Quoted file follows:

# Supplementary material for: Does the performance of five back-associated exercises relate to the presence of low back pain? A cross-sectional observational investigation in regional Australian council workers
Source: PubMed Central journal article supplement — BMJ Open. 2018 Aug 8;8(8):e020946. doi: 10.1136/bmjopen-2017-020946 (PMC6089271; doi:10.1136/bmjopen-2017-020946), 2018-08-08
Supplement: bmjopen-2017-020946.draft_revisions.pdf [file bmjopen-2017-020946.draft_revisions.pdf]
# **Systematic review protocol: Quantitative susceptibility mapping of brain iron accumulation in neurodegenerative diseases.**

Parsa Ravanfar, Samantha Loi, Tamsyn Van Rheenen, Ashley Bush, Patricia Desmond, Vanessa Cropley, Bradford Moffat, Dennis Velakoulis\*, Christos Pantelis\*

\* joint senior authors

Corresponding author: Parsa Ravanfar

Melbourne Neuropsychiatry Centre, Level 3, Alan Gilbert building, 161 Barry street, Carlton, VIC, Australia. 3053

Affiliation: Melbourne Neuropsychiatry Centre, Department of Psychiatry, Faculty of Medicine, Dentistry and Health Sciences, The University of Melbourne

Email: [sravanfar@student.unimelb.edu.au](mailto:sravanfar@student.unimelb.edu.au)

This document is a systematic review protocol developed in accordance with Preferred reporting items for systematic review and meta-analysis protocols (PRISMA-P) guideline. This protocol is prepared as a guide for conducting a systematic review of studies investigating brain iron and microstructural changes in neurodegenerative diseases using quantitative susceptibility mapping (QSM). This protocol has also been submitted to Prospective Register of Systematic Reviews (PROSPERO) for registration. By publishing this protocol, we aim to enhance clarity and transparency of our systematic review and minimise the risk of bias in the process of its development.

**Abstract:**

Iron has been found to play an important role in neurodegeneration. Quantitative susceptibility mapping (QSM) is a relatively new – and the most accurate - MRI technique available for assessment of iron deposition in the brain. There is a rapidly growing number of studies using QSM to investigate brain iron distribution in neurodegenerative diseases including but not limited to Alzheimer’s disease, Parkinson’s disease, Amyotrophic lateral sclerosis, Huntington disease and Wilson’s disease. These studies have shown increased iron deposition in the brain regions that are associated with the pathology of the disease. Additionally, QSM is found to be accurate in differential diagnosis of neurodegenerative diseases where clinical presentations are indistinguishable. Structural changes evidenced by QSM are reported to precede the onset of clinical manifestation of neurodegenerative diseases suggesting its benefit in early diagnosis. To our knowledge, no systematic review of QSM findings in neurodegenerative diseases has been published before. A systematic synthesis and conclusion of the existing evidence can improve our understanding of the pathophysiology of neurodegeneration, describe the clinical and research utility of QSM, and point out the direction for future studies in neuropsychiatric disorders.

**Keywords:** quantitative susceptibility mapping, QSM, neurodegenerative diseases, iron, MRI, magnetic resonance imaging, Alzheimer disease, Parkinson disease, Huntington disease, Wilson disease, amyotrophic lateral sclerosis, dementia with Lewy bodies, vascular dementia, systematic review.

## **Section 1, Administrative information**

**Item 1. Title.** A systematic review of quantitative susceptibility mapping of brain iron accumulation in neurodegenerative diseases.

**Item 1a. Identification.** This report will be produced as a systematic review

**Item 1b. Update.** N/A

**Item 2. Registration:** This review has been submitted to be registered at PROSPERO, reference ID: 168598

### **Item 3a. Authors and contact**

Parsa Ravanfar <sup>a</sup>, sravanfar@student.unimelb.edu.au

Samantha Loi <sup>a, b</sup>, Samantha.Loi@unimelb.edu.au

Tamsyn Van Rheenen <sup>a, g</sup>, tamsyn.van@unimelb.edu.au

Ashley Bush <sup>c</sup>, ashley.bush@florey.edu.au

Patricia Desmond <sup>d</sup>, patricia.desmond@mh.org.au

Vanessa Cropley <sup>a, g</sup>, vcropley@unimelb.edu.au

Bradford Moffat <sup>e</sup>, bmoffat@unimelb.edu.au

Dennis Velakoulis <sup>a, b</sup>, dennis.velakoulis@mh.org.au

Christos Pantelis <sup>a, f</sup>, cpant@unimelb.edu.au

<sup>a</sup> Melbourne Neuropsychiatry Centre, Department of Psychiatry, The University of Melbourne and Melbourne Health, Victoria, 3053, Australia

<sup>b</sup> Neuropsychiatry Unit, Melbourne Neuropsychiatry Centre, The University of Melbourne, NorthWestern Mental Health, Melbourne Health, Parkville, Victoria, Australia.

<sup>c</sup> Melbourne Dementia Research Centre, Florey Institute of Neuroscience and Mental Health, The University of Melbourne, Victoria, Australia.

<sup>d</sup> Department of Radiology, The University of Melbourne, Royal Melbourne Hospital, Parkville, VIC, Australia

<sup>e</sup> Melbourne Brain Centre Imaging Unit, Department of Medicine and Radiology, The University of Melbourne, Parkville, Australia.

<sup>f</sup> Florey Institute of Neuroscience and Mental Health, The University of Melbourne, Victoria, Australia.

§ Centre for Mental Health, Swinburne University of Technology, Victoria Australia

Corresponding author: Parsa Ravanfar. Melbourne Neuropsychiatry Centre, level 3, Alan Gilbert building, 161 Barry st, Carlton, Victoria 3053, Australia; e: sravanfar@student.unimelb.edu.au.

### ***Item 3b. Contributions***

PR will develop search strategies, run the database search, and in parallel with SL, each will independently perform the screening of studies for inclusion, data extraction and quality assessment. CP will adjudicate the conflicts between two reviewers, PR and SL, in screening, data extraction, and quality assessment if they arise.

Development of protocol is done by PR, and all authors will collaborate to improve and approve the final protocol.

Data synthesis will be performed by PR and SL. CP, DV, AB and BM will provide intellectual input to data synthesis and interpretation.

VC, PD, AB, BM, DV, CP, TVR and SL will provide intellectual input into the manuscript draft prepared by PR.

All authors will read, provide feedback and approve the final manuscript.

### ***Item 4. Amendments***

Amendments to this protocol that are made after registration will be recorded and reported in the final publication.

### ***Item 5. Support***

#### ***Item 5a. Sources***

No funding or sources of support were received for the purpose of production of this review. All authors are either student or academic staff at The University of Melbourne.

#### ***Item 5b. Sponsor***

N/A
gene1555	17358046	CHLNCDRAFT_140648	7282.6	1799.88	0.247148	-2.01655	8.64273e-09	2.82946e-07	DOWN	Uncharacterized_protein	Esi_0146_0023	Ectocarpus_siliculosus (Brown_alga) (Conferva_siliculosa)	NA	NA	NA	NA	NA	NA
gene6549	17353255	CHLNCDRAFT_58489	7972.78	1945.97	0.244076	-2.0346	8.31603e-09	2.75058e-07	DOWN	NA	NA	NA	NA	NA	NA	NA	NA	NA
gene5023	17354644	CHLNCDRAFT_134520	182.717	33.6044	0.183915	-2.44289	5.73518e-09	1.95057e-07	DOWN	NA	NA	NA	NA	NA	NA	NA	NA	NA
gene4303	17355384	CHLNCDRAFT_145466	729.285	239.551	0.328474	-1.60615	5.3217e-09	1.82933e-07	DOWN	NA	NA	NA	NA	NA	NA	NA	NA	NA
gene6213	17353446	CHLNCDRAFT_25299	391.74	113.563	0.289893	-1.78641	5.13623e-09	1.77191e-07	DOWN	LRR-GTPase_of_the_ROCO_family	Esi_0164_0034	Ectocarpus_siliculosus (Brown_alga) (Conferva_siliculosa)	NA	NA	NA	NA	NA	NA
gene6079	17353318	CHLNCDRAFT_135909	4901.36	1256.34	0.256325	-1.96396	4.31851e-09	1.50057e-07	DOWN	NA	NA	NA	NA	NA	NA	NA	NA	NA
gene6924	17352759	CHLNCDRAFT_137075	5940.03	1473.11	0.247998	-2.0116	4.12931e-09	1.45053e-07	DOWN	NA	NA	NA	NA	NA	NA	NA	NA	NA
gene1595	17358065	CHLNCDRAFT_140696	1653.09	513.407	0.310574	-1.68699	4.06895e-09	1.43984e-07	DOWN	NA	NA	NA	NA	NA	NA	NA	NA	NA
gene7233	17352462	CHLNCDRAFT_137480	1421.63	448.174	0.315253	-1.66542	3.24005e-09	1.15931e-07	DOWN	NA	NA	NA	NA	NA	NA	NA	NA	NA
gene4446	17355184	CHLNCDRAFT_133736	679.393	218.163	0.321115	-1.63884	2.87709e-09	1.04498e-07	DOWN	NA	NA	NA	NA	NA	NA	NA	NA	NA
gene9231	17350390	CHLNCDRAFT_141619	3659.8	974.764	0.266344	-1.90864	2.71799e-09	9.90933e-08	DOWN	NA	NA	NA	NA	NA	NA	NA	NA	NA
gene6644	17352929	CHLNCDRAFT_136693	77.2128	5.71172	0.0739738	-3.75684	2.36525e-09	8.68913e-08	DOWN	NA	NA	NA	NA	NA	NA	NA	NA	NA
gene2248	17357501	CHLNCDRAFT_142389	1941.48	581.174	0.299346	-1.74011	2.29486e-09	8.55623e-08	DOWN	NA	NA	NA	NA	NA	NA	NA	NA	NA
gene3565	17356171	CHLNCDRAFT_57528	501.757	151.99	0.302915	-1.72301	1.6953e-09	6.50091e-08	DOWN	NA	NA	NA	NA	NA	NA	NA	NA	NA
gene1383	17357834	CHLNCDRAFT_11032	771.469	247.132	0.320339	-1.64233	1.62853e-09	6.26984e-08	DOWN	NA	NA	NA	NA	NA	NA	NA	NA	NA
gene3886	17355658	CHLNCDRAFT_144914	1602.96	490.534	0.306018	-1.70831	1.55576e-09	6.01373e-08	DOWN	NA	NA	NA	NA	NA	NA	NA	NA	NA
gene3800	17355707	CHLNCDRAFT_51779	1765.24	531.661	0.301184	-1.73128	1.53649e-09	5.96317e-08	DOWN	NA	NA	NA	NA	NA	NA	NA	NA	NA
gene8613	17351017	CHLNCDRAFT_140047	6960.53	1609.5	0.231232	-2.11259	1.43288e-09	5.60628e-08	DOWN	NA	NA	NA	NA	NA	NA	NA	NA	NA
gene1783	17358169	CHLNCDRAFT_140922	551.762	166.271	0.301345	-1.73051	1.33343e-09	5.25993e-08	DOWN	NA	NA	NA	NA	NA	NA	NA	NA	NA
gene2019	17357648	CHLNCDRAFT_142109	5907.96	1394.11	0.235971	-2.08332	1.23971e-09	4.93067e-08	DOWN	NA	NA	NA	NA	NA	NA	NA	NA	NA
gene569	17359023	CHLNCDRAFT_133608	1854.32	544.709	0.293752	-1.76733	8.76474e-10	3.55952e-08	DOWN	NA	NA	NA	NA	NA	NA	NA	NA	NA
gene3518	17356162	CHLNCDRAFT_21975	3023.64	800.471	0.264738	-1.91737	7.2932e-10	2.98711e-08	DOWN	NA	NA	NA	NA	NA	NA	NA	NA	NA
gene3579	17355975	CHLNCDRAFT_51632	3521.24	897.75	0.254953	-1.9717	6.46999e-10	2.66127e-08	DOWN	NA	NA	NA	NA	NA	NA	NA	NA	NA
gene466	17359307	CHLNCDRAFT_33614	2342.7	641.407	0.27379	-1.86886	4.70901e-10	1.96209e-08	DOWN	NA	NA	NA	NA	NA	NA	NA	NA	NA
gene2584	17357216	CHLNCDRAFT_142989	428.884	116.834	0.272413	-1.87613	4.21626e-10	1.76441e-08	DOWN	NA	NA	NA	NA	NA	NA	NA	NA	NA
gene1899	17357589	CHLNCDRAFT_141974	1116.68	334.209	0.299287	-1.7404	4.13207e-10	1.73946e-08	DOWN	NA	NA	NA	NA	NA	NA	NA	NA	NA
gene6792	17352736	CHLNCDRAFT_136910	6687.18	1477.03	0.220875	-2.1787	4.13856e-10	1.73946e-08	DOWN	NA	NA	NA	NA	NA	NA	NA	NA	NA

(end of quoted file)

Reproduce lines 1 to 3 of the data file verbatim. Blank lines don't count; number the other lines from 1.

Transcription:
# Supplementary material for: Does the performance of five back-associated exercises relate to the presence of low back pain? A cross-sectional observational investigation in regional Australian council workers
Source: PubMed Central journal article supplement — BMJ Open. 2018 Aug 8;8(8):e020946. doi: 10.1136/bmjopen-2017-020946 (PMC6089271; doi:10.1136/bmjopen-2017-020946), 2018-08-08
Supplement: bmjopen-2017-020946.draft_revisions.pdf [file bmjopen-2017-020946.draft_revisions.pdf]